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LIBRARY 

MCASOM - Health Literacy Selective: Objectives & Description

Objectives and Description

Description:     

This selective introduces the concept of health literacy, what it is and is not, what research has been done, and why it matters. Even well-educated people can be functionally illiterate when it comes to health issues, despite how literate they are in the other parts of their lives. This selective also introduces the world of consumer health information and how to parse out the “good stuff,” as well as developing skills to talk with patients and the community at large about health topics.

The literature cites low health literacy as a barrier to optimum health over and over again. A simple PubMed search for health literacy retrieves over 13,000 citations in September 2018.1 A foundation of the current health literacy research is “The Health Literacy of America’s Adults: Results From the 2003 National Assessment of Adult Literacy.”2 In addition, the AHRQ toolkit and Institute of Medicine’s publication “Health Literacy: A Prescription to End Confusion” provide a jumping off point for multiple case reports and systematic reviews about interventions and costs.3-6

By educating students about health literacy, they have the opportunity to apply their knowledge as they begin their practice, instead of changing their processes later. They will have a foundation of not only statistics, but of real-life stories from recorded interviews as well as talking with their own friends and family outside the medical profession.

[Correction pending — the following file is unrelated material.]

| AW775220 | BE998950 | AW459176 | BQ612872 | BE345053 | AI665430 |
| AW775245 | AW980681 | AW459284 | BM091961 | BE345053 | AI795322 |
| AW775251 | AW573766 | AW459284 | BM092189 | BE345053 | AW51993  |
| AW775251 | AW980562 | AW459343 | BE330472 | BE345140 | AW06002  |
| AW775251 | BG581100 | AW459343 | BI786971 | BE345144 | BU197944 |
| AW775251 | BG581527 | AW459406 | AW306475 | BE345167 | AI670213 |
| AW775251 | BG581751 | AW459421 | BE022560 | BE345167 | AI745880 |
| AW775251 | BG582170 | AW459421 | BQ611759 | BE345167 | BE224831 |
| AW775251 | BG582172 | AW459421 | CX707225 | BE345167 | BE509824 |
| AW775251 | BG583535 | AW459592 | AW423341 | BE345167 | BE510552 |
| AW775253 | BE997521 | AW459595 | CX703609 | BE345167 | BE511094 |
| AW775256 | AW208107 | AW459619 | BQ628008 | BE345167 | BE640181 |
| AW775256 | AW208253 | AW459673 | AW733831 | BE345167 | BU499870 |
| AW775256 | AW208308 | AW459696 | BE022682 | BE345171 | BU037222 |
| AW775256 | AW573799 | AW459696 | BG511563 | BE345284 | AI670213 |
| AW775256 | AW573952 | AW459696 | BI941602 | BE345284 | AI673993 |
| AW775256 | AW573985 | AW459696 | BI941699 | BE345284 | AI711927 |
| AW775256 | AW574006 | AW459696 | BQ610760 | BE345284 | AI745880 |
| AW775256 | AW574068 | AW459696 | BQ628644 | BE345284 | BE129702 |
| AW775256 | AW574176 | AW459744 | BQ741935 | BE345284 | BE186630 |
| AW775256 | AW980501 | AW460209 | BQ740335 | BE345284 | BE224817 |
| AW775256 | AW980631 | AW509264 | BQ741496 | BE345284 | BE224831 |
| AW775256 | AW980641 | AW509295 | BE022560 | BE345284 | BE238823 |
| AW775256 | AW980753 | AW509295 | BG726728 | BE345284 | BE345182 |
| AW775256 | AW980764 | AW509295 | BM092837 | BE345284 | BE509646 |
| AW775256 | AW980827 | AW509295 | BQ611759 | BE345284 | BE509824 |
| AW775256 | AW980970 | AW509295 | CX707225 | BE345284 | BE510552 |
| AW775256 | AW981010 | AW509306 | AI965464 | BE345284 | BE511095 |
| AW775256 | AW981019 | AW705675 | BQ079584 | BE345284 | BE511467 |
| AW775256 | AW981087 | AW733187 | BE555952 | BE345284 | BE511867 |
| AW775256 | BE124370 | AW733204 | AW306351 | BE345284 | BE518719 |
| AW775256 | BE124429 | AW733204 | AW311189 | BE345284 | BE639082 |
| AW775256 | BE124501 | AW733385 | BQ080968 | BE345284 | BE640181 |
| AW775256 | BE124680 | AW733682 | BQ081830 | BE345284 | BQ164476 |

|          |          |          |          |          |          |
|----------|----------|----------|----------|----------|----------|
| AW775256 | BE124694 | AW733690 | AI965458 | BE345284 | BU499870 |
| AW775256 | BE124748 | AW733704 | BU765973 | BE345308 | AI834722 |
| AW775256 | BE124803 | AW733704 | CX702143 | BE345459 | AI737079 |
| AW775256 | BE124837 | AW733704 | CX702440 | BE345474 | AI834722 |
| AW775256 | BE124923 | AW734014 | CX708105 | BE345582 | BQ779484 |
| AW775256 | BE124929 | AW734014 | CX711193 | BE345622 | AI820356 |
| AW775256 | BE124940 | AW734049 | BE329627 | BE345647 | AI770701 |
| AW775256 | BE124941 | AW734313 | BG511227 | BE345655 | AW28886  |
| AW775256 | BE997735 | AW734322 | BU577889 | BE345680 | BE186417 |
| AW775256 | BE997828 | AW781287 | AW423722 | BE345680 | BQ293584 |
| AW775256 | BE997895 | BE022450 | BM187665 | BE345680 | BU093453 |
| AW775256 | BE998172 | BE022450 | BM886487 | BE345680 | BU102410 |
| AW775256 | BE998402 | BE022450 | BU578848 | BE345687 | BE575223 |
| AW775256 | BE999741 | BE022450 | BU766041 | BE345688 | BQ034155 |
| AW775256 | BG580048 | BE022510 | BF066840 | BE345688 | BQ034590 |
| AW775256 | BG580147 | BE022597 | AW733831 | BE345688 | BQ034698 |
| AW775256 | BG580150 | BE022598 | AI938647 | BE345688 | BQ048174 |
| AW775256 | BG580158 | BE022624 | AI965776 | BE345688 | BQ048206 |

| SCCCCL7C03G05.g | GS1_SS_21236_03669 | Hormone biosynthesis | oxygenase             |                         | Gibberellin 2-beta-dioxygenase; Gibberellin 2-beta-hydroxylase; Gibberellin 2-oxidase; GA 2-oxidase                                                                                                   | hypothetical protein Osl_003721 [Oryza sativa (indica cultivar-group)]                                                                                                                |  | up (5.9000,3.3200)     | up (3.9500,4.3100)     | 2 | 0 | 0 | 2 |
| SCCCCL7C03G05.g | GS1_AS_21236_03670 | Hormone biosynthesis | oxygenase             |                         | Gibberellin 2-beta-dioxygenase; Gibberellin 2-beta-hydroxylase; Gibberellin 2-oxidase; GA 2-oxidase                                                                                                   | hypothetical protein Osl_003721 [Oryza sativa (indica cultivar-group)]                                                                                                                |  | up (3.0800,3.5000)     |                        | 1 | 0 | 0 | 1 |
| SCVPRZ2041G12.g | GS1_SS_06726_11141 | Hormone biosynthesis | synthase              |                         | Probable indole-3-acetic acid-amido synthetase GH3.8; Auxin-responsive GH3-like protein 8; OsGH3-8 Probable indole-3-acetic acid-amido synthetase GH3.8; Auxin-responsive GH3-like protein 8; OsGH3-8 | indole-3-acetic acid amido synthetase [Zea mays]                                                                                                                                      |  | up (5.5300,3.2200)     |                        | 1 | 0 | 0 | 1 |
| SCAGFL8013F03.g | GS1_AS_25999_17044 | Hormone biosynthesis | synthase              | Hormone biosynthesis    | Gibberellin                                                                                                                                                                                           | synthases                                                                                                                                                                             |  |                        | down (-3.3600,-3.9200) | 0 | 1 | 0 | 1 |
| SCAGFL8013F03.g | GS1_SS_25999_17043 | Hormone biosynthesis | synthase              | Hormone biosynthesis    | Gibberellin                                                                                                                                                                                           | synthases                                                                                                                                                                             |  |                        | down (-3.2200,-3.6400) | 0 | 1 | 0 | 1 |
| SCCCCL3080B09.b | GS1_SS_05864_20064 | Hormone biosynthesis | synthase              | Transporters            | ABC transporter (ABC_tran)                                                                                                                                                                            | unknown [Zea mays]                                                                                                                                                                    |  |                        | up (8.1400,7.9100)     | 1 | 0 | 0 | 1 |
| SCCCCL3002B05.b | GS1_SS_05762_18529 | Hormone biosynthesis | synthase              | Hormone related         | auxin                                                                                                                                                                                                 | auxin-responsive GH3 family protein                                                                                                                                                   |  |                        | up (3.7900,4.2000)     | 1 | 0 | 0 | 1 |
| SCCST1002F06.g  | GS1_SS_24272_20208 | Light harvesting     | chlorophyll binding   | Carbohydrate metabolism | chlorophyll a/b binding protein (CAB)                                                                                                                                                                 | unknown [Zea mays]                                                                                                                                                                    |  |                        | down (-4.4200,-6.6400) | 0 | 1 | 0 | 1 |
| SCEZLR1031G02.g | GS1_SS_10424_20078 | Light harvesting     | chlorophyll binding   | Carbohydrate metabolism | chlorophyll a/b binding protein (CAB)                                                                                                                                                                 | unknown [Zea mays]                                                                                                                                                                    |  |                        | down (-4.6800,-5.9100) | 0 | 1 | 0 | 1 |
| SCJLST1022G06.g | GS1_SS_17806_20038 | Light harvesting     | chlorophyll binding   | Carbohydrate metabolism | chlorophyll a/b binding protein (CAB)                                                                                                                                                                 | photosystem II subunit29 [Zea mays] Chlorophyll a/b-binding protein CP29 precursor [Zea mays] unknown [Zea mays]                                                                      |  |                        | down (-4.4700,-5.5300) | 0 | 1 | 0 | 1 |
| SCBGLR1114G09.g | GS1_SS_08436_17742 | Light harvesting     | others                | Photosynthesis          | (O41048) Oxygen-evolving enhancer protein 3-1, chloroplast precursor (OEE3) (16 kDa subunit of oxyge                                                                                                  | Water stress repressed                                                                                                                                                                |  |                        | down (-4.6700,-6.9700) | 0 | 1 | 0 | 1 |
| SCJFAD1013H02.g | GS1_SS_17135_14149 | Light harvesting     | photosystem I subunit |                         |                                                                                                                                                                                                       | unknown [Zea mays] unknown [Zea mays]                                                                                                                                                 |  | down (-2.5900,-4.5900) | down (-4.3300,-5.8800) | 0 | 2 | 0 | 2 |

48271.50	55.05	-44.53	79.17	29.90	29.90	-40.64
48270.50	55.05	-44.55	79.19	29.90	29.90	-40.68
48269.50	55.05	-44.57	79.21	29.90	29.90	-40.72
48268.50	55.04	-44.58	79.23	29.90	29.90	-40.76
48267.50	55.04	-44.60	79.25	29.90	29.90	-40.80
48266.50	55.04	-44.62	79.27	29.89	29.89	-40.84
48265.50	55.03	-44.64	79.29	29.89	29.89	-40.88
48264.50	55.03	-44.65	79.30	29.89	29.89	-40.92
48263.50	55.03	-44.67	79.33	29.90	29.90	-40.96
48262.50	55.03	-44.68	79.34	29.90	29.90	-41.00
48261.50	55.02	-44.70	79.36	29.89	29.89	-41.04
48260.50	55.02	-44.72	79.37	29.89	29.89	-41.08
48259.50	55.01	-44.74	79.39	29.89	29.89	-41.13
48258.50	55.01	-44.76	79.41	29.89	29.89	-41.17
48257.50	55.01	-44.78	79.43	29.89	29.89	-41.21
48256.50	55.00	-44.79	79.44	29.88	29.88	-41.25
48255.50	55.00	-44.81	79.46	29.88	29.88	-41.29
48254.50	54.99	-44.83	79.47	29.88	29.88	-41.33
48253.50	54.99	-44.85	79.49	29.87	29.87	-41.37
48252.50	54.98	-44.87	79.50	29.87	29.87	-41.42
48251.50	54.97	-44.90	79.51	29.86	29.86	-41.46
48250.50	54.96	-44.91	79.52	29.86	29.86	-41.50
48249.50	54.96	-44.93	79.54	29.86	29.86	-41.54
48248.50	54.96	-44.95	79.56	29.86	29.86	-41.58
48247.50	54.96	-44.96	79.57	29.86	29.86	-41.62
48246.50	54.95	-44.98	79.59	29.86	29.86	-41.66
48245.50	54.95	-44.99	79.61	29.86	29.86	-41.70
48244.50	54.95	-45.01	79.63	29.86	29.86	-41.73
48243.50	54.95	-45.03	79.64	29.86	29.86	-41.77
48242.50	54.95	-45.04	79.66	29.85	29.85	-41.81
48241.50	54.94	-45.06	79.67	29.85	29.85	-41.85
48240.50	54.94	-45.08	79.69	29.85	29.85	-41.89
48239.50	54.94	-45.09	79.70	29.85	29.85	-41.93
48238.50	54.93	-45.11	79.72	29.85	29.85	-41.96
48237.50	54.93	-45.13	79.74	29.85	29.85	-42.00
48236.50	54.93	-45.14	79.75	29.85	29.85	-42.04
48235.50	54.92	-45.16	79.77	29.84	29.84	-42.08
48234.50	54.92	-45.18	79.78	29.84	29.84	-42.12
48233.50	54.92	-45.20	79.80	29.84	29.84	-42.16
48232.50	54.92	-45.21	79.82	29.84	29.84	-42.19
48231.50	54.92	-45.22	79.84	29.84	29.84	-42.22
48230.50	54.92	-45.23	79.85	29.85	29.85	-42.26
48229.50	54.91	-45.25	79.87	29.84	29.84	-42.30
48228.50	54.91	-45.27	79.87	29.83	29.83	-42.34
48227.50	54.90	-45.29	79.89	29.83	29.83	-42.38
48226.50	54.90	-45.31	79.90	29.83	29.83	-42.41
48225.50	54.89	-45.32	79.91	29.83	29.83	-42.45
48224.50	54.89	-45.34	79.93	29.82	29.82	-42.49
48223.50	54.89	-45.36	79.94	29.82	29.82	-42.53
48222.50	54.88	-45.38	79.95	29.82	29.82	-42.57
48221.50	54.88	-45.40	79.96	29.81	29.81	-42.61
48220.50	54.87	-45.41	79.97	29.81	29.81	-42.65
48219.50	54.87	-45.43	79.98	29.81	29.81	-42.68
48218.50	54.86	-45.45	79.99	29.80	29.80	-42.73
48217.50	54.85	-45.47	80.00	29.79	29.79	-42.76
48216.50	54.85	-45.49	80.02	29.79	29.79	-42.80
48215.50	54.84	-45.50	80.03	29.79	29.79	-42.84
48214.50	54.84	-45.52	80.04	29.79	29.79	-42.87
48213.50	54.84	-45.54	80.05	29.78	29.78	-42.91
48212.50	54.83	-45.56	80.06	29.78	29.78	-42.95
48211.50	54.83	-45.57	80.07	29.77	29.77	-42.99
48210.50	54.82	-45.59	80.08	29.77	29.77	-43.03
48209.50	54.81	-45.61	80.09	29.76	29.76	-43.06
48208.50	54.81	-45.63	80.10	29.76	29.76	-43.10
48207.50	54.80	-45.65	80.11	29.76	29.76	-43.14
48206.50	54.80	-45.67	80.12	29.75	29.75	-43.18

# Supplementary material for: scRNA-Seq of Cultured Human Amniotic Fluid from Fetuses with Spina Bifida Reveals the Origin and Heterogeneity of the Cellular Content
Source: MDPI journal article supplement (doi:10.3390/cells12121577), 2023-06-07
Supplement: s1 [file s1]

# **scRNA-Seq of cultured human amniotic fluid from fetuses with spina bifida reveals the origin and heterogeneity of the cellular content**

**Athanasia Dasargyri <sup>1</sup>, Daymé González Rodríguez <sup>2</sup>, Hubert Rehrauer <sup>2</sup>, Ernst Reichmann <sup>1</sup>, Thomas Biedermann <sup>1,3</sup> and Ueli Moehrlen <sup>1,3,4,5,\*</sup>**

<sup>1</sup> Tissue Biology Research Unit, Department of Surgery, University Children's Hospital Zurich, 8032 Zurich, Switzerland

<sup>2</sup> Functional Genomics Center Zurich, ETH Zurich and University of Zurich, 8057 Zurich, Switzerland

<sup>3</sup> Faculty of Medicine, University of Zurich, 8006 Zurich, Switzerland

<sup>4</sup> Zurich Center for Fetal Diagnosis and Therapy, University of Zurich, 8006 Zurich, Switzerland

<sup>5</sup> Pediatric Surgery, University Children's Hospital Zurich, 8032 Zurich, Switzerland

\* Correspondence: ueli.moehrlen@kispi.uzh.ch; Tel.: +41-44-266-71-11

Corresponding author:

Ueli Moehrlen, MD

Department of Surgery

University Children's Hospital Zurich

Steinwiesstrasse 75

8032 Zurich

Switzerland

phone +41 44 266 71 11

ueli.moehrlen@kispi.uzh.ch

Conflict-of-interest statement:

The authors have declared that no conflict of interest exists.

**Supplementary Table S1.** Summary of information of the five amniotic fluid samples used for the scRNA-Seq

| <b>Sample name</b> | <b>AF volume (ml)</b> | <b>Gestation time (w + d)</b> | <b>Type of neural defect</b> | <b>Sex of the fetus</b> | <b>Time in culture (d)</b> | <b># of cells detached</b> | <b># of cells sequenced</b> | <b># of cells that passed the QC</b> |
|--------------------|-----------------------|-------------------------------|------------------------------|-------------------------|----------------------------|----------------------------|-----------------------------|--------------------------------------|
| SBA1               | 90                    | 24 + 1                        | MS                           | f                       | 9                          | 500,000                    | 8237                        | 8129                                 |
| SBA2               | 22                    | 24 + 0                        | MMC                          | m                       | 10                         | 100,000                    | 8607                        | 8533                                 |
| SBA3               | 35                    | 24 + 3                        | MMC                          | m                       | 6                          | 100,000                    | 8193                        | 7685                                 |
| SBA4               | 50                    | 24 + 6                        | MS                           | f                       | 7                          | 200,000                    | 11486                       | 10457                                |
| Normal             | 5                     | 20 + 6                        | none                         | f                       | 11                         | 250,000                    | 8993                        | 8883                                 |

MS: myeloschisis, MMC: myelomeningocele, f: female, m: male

Objectives:  

  • Students will understand the latest research in health literacy and be able to describe the impact on public health via videos and assigned readings.
  • Students will learn about how patients find health information and how to evaluate consumer health resources via assigned readings and interviews with friends and family.
  • Students will gain a knowledge base of how health literacy impacts their patients via videos, assigned readings, and interviews.
  • Students will learn how to communicate more effectively that will help patients understand them better via videos and interviews.

Requirements:

  • Essay: How will your knowledge of health literacy issues impact how you practice medicine?
  • Essay: Reflection on interviews with family/friends/acquaintances
  • Meeting with Librarian

Mentors & Coordinators: Cynthia Beeler (MN), Lisa Marks (AZ), Tara Brigham (FL)

References:

  1. US Department of Education, National Center for Education Statistics (NCES).  The Health Literacy of America’s Adults: Results from the 2003 National Assessment of Adult Literacy. NCES website. http://nces.ed.gov/pubs2006/2006483.pdf. 2006. Accessed September 10, 2018.
  1. US National Institutes of Health, National Library of Medicine. PubMed website. https://www.ncbi.nlm.nih.gov/pubmed/?term=health+literacy. Accessed September 10, 2018.
  1. DeWalt  DA, Callahan  LF, Hawk  VH, Broucksou  KA, Hink  A, Rudd  R, Brach  C.  Health Literacy Universal Precautions Toolkit. Agency for Healthcare Research and Quality website. http://www.ahrq.gov/professionals/quality-patient-safety/quality-resources/tools/literacy-toolkit/healthlittoolkit2.html. April 2010. Accessed September 10, 2018.
  1. Institute of Medicine (US) Committee on Health Literacy; Nielsen-Bohlman L, Panzer AM, Kindig DA, editors. Health Literacy: A Prescription to End Confusion. Washington (DC): National Academies Press (US). Available from: https://www.ncbi.nlm.nih.gov/books/NBK216032/. 2004. Accessed September 10, 2018.
  1. Palumbo R. Examining the impacts of health literacy on healthcare costs. An evidence synthesis. Health Serv Manage Res. 2017 Nov;30(4):197-212.
  1. Berkman ND, Sheridan SL, Donahue KE, et al.  Health Literacy Interventions and Outcomes: An Updated Systematic Review. Evidence Report/Technology Assessment No. 199. Rockville, MD. Agency for Healthcare Research and Quality, March 2011.